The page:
Constructing a Dutch Register on Childhood Aphasia

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Aphasia is a language deficit resulting from brain damage, usually occurring in adults after stroke. Though rare, children with acquired brain injury can also suffer from aphasia. As this group is very heterogeneous regarding etiology, age and level of language acquisition, little is known on the effectiveness of speech and language treatment (SLT) on acquired childhood aphasia (ACA). RCTs are nearly impossible and large observational studies are lacking. Still, ACA is a chronic condition in many of these children, seriously impeding daily life. To improve care for children with ACA we need accurate longitudinal data.

Objective: To construct a Dutch national register on ACA, with five-year data on language function, SLT and satisfaction with SLT from stakeholders.

Design: a longitudinal prospective observational study.

Participants: Children in the age of 2–18 years, requiring SLT for acquired language or communication problems after brain injury.

Methods: Core outcome sets of language tests for four age categories were established via a Delphi-procedure among professionals of 23 Dutch health-care institutions. A pilot of six months was conducted in two rehabilitation centers to test and optimize online data collection. Questionnaires on medical history concerning brain injury, psychosocial and SLT data, were completed by parents and SL-therapists in the online data collection program Gemstracker®. Language tests were conducted within a month of onset and 6 months later. We present here the results of the pilot.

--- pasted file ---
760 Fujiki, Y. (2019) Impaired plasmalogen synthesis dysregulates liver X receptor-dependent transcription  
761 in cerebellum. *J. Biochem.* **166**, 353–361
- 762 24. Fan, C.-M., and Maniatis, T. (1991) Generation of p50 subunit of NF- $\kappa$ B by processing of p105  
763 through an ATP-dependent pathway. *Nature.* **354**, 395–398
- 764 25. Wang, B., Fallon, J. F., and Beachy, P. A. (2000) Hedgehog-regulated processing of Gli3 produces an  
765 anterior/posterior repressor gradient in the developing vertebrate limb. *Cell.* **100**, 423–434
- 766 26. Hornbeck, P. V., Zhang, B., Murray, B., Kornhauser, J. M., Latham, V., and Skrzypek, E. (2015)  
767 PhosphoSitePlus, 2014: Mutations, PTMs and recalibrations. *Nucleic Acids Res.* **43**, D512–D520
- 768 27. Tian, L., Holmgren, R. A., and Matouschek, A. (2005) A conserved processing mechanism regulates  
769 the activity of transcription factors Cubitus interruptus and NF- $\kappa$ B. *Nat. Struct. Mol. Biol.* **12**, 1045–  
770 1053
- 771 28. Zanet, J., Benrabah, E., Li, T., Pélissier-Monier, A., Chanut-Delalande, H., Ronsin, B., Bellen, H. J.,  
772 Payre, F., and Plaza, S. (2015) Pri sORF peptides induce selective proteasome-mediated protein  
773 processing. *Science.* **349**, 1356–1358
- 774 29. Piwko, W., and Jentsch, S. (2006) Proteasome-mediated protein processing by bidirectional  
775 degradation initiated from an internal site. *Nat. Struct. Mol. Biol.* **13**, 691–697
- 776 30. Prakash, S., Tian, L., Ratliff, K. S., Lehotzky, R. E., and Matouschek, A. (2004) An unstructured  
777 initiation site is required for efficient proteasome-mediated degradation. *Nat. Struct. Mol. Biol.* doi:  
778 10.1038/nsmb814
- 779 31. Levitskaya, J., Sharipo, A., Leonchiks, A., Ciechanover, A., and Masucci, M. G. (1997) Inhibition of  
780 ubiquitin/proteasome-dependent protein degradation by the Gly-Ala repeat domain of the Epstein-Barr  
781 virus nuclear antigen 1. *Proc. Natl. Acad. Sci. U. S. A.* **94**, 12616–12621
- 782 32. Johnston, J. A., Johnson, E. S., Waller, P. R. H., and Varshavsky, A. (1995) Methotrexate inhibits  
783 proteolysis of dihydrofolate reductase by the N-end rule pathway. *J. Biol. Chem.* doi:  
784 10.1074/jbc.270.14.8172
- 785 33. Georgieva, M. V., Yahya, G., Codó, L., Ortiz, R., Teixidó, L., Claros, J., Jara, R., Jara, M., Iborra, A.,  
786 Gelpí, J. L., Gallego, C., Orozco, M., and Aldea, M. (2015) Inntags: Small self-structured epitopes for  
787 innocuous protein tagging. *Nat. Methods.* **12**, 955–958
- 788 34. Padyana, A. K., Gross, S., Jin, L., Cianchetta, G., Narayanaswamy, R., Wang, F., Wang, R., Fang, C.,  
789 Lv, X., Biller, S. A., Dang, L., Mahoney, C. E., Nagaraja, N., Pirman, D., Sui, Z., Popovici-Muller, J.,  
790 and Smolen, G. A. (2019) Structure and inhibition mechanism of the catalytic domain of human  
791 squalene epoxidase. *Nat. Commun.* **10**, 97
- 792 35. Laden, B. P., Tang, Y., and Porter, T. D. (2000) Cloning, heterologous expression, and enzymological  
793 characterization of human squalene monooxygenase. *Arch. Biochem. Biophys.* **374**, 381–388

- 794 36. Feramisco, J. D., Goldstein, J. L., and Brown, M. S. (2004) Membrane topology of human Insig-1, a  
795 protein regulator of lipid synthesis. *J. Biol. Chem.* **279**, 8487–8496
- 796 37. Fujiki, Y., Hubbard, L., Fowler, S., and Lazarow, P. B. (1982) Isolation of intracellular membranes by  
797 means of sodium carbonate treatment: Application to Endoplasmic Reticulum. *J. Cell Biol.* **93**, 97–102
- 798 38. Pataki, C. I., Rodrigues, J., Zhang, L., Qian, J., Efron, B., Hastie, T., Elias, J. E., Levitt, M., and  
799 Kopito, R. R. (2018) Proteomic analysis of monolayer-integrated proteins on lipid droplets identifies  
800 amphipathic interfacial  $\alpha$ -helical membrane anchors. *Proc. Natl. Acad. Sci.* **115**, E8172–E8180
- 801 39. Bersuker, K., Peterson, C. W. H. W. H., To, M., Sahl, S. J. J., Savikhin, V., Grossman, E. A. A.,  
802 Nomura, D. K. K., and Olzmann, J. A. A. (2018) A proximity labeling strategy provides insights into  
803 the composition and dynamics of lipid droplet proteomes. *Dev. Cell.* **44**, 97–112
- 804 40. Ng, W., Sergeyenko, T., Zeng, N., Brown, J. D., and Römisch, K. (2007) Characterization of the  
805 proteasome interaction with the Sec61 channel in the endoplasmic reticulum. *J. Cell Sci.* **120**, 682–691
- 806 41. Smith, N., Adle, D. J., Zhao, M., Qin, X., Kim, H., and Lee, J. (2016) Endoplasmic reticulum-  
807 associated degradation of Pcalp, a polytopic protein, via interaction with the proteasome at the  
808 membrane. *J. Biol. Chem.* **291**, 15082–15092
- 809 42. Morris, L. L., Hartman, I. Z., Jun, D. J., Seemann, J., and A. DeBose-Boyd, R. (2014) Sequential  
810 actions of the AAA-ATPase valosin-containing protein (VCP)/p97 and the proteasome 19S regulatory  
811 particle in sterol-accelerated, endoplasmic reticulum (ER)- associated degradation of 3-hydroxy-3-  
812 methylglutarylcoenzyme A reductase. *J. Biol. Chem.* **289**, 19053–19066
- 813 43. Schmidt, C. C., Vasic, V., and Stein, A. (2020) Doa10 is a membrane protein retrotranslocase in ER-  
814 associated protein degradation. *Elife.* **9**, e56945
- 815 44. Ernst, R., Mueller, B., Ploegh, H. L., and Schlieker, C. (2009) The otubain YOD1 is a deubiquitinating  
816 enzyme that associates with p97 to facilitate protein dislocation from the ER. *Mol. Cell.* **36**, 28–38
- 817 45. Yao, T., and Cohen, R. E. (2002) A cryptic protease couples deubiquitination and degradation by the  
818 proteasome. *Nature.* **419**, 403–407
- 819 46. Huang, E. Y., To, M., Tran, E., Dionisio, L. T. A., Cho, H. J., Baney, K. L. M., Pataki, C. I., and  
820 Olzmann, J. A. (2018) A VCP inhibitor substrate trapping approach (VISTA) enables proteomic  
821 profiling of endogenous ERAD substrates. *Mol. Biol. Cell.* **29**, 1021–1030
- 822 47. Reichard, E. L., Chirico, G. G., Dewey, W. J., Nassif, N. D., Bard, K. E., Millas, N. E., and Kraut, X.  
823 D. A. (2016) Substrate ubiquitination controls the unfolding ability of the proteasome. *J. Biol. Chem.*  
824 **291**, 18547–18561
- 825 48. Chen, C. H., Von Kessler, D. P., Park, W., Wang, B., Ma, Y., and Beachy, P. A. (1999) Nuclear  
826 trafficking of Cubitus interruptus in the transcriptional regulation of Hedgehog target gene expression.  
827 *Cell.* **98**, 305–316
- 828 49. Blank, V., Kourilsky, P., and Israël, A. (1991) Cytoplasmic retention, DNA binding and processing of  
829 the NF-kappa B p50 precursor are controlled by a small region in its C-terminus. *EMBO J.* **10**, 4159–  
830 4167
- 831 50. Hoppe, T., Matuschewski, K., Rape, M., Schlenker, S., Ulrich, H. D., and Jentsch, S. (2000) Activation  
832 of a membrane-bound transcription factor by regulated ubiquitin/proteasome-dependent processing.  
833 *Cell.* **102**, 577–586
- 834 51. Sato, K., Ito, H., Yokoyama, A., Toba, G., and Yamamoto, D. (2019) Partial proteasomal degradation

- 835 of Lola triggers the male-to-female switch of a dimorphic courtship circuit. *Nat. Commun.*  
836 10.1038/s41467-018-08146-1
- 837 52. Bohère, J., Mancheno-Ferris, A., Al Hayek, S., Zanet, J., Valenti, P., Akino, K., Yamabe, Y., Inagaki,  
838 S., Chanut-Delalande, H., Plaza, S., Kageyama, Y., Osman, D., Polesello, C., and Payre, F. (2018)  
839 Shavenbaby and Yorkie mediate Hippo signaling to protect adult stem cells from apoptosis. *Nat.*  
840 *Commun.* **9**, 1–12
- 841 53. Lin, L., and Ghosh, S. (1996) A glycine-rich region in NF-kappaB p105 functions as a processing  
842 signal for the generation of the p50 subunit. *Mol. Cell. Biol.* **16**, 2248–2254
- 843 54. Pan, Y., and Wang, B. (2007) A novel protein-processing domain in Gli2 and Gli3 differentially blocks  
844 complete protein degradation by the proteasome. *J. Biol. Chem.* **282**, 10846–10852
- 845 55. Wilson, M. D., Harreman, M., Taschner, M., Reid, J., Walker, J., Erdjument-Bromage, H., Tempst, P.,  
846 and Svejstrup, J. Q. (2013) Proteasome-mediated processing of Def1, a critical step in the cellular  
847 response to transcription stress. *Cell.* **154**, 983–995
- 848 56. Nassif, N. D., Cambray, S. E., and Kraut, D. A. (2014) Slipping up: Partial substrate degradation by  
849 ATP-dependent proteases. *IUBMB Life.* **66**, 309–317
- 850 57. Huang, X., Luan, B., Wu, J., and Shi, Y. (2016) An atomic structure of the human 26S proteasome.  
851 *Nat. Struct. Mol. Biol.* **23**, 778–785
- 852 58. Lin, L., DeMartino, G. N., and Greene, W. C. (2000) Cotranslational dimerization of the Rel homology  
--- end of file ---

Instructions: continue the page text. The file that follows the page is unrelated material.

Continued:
Results: The response rate was 86%. In the course of six months 18 children from 2 to 17 years old were included. ACA was caused by a stroke (n = 7), trauma (n = 7), epilepsy (n = 1), a tumor (n = 2) and one cause was unclear. In spontaneous speech 35% of the children were severely impaired (unable to express themselves without help in simple conversations), 65% were mildly impaired. Severe word finding difficulties were found in a third of the children. Six months later, 38% of the children improved in spontaneous speech and word finding, but none of them showed complete recovery of their language problems. In contrast, language difficulties deteriorated in 12% and remained stable in 50% of the children.

Conclusion: The pilot phase showed a large willingness among parents to participate in the Dutch register on ACA. There are only a few longitudinal studies on language recovery after ACA, most of them in small groups. In line with these studies, our data suggest that prognosis of language recovery after ACA is not favorable. Until now, determinants for language recovery in ACA have not been determined. There is a great need for large observational longitudinal studies to obtain more insight in ACA, its impact on functioning in daily life and possible ways to improve communication. The Dutch register on ACA will enable such studies.
Original languageEnglish
Pages (from-to)56-56
Number of pages1
JournalBrain Injury
Publication statusPublished - 17 Jan 2022


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